Instead, Gatenholm spotted a huge gap in the industry – no one was selling the cell-based ‘ink’ to print with.
Plugging this gap meant the company could then move on to sell bioprinters at far more accessible prices (its systems come with price tags of $10,000 to $39,000, compared to other models which range from $100,000-$300,000).
“It’s not a matter of other companies having features that we don’t, it’s just they realised they could charge a lot more,” Gatenholm tells The Memo.
Gatenholm started by targeting students. “Our focus is to put our technology in classrooms because everyone’s talking about robots taking jobs, but the reality is we need people to understand and control these machines,” he tells The Memo.
“The educational methods we use today are not providing the skills we’ll need.”
Today, however, Cellink has helped make bioprinting technology truly affordable for schools, universities, public research institutions, and pharma companies for the first time.
Already the team has printed fully functional cartilage and skin tissue, and has even successfully transplanted this onto mice.
Once approved by regulators, the next step will be implanting tissue onto humans (Gatenholm estimates this will start happening within the next decade).
Beyond this, there’s even potential to print more complicated organs, although he says this will be a challenge.
“The more complicated organs depend on a lot more things than cartilage,” Gatenholm explains. “A liver, for example, is built up of tiny blood vessels everywhere which would be complex to print.”
“Getting a new heart – that will be amazing in the future – but we need to take the right steps to get there.”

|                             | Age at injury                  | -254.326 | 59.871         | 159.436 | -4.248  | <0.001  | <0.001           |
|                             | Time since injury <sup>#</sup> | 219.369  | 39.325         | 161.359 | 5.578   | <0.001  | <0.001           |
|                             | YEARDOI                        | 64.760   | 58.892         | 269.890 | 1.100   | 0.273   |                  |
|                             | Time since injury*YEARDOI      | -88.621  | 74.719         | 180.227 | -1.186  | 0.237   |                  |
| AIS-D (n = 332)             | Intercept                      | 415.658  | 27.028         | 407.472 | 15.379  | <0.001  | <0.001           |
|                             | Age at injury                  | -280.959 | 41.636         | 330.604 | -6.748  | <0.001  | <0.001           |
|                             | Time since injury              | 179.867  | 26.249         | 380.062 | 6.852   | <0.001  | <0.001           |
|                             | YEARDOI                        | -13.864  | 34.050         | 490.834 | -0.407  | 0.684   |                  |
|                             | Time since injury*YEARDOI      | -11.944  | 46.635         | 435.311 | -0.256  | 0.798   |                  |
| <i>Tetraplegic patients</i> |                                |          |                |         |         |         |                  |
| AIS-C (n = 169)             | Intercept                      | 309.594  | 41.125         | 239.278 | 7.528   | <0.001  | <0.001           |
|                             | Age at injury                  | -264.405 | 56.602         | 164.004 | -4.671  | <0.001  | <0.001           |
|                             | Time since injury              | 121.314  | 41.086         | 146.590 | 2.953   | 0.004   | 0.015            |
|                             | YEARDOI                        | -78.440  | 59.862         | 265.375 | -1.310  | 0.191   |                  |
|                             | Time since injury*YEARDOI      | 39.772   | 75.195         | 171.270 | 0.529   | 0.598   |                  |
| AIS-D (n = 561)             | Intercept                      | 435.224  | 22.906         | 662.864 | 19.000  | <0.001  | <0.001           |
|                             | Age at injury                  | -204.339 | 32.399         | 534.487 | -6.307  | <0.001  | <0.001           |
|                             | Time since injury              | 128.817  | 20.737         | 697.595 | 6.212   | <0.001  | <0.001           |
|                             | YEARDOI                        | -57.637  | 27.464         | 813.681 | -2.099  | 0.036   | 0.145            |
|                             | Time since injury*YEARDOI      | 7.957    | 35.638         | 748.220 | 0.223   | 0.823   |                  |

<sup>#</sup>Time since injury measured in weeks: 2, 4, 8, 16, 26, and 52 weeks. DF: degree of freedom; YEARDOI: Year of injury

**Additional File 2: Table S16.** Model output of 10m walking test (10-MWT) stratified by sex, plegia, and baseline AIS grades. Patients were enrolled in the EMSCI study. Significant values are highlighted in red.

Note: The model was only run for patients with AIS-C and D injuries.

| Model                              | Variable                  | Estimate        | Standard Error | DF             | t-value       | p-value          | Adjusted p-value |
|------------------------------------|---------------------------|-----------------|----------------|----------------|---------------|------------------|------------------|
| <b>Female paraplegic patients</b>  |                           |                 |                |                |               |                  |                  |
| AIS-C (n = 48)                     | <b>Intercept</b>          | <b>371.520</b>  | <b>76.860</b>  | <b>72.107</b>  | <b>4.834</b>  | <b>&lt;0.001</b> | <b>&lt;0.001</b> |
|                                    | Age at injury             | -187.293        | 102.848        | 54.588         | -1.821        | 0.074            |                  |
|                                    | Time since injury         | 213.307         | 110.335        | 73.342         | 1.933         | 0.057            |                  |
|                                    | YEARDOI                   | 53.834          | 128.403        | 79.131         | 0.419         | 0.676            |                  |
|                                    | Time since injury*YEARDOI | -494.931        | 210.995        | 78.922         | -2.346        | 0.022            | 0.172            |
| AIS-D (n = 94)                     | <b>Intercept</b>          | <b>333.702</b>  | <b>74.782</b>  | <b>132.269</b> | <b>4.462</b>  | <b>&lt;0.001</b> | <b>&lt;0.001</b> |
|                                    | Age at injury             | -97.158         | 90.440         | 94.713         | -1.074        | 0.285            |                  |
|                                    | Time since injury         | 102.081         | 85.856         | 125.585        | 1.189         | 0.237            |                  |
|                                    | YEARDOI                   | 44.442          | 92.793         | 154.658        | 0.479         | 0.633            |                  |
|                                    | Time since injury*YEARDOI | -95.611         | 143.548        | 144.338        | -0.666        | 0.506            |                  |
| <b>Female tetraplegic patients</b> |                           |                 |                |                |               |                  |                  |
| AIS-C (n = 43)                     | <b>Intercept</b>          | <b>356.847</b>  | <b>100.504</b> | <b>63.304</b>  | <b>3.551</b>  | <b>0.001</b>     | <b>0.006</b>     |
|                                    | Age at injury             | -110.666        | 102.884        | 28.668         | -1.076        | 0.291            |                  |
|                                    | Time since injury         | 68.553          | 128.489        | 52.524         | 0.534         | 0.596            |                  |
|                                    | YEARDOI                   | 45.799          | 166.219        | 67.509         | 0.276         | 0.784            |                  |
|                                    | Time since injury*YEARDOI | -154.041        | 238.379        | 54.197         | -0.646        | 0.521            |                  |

What will change first?
The first human implants will be offered to burns patients, predicts Gatenholm. “Typically you have to have a skin graft from another area of your body, but this could easily be printed using the body’s own cells”.
Already, companies like L’Oreal are printing skin to test products like sun cream or makeup, and Cellink has two undisclosed cosmetics partners itself.
There’s a huge business potential in this space given that animal testing was banned in 2013.
And other areas that bioprinting could transform include pharmaceuticals, the food industry and robotics, says Gatenholm – either printing skin to test creams on, flesh to eat, or skin to dress our machines in.
“The technology has the potential of changing many different industries – applications are expanding every day.”
Are we playing God?
It all sounds exciting, but will we eventually reach a point where we could replace organs and live forever? “That would be nice wouldn’t it,” Gatenholm jokes.
On a more serious note, the technology is still a long way off from ‘playing God’, he says. But the entrepreneur is not averse to making serious changes to the way we live.
“I think if somebody is hurt, if a US soldier is injured, they should be repaired. If somebody wants to live longer and have a heart replacement… and that’s where the market’s going, then that’s where it’s going.”
He doesn’t advocate increasing the length of life though, if it is not one of quality.
“What we want to make sure is the person can live those last 10 or 20 years of their life in great health – with your family and friends, golfing, swimming, without your body holding you back.”
The elixir of life doesn’t come from a goblet or grail: it’s going come from a bioprinter.
Are you ready to revamp your ageing body?